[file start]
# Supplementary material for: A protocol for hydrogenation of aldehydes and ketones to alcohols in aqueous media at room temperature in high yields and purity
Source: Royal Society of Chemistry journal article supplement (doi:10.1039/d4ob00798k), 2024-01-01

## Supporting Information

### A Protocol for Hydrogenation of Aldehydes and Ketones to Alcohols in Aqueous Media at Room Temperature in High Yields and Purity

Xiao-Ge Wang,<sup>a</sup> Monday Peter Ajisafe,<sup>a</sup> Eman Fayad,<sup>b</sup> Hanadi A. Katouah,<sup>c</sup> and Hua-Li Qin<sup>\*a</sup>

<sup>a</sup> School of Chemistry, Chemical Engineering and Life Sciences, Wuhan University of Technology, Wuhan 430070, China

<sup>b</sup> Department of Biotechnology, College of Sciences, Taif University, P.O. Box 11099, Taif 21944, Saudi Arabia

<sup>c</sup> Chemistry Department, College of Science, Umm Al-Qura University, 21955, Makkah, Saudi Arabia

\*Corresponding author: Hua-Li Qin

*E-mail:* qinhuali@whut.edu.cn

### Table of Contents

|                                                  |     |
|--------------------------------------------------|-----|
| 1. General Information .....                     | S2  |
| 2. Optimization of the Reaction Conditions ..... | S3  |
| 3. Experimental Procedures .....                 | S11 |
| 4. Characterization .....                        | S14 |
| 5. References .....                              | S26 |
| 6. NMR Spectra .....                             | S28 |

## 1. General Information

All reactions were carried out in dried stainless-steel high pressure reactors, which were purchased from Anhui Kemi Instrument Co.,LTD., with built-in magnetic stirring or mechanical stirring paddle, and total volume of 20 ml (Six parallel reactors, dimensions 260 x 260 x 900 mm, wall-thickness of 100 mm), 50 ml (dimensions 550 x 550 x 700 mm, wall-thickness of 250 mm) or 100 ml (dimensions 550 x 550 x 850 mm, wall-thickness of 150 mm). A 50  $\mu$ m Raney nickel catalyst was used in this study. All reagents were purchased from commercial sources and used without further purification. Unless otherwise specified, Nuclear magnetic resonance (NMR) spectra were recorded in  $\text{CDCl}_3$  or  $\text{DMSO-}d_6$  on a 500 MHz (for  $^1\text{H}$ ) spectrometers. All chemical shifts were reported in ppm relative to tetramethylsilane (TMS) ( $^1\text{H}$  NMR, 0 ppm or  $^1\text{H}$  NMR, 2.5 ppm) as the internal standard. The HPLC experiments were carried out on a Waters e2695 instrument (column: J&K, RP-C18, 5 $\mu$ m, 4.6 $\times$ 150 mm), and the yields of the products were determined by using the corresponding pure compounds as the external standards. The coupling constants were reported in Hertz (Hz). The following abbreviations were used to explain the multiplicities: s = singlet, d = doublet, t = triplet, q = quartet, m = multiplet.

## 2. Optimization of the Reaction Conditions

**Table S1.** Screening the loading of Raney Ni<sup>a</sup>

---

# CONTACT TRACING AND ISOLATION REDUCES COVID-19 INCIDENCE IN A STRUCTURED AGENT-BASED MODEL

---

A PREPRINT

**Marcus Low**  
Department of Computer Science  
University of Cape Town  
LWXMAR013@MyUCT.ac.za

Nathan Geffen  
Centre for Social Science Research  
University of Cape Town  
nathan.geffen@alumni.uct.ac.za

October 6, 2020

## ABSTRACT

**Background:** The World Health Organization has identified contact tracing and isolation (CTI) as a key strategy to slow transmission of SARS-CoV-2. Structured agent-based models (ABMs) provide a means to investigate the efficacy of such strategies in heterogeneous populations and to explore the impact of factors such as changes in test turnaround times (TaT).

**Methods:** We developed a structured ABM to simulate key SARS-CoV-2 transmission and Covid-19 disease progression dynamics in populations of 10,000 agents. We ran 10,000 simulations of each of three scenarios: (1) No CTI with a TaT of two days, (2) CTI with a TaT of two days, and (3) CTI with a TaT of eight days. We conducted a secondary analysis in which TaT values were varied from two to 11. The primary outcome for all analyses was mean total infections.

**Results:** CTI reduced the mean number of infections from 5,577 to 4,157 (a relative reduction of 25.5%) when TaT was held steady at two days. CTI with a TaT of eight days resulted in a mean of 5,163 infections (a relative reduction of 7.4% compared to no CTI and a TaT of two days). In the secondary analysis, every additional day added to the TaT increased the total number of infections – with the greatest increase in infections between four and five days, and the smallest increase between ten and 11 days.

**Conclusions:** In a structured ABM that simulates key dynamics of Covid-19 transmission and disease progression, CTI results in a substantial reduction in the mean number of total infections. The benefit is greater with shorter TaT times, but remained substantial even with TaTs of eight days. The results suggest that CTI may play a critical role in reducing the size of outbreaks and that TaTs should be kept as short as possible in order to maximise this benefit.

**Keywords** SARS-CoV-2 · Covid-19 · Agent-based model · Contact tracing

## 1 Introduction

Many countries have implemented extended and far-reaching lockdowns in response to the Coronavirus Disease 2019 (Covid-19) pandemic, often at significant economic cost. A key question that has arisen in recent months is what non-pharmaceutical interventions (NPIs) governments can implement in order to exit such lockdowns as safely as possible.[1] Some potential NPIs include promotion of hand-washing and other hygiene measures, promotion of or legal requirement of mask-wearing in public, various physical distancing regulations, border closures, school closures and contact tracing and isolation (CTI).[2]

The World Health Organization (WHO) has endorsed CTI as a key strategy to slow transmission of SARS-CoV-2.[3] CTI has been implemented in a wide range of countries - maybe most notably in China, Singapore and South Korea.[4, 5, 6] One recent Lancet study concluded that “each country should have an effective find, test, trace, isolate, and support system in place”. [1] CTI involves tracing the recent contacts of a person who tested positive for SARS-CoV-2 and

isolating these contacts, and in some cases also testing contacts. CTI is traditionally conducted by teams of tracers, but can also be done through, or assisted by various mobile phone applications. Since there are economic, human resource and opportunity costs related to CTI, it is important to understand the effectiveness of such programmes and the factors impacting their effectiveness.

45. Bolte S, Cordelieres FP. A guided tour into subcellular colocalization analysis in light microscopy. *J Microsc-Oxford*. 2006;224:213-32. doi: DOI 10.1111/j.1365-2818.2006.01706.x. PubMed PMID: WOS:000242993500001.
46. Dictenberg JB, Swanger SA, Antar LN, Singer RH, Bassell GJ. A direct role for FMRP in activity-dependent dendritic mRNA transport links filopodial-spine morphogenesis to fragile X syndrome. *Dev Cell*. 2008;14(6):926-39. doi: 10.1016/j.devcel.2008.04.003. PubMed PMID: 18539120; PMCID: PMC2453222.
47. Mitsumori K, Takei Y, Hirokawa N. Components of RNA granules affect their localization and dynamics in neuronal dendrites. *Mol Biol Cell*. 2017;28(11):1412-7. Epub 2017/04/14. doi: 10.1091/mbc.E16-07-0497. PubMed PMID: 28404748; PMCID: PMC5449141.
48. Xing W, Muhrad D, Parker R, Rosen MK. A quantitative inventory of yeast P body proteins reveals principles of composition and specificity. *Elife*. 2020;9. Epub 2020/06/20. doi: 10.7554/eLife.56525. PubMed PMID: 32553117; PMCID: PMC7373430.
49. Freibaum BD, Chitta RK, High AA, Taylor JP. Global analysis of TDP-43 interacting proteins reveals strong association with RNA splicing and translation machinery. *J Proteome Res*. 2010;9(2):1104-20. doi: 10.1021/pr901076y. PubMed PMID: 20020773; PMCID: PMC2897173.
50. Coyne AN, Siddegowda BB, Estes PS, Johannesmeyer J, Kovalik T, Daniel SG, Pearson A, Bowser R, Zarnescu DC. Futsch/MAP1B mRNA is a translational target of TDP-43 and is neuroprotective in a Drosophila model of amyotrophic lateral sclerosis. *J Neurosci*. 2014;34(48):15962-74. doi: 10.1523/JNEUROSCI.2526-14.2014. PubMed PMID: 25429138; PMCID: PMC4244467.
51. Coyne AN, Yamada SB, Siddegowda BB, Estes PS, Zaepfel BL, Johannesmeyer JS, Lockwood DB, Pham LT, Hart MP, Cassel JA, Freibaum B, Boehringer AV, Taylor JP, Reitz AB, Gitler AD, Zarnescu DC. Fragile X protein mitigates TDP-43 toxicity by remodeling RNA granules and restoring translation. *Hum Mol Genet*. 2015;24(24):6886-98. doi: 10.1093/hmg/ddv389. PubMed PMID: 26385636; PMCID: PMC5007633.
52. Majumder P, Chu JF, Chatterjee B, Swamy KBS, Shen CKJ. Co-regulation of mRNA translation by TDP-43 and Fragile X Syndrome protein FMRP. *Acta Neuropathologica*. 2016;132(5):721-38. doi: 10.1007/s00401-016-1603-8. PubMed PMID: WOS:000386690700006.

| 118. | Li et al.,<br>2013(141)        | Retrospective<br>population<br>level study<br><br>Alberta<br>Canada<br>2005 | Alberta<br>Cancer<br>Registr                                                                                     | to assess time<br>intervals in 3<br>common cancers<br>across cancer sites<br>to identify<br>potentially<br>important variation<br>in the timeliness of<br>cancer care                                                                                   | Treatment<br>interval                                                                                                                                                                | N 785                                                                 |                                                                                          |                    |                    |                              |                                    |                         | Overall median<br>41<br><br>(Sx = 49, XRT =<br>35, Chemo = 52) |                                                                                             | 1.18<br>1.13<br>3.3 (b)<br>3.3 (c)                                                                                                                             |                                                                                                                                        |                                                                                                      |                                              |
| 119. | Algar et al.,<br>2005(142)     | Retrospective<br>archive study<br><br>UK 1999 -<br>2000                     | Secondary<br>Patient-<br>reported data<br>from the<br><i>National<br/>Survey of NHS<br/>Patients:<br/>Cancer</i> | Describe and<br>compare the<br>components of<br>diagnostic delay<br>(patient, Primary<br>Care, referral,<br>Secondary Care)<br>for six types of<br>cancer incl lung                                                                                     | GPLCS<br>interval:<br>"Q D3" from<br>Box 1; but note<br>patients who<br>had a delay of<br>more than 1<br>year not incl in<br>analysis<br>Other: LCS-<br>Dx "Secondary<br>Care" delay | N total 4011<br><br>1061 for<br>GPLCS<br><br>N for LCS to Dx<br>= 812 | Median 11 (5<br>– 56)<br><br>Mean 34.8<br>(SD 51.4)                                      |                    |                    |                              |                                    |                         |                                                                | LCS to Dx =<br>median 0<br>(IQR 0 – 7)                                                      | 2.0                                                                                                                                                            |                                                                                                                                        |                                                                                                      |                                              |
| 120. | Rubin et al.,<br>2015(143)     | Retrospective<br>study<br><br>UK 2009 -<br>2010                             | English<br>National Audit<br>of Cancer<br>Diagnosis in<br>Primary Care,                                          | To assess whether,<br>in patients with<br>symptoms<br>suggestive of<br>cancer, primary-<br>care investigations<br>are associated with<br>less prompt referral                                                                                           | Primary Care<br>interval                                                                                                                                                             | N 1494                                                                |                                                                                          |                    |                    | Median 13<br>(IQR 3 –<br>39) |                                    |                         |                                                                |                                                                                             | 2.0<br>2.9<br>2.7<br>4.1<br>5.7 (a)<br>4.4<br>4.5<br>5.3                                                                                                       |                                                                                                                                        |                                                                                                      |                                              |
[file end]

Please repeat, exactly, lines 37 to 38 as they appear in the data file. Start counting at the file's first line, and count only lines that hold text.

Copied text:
## ABSTRACT

**Background:** The World Health Organization has identified contact tracing and isolation (CTI) as a key strategy to slow transmission of SARS-CoV-2. Structured agent-based models (ABMs) provide a means to investigate the efficacy of such strategies in heterogeneous populations and to explore the impact of factors such as changes in test turnaround times (TaT).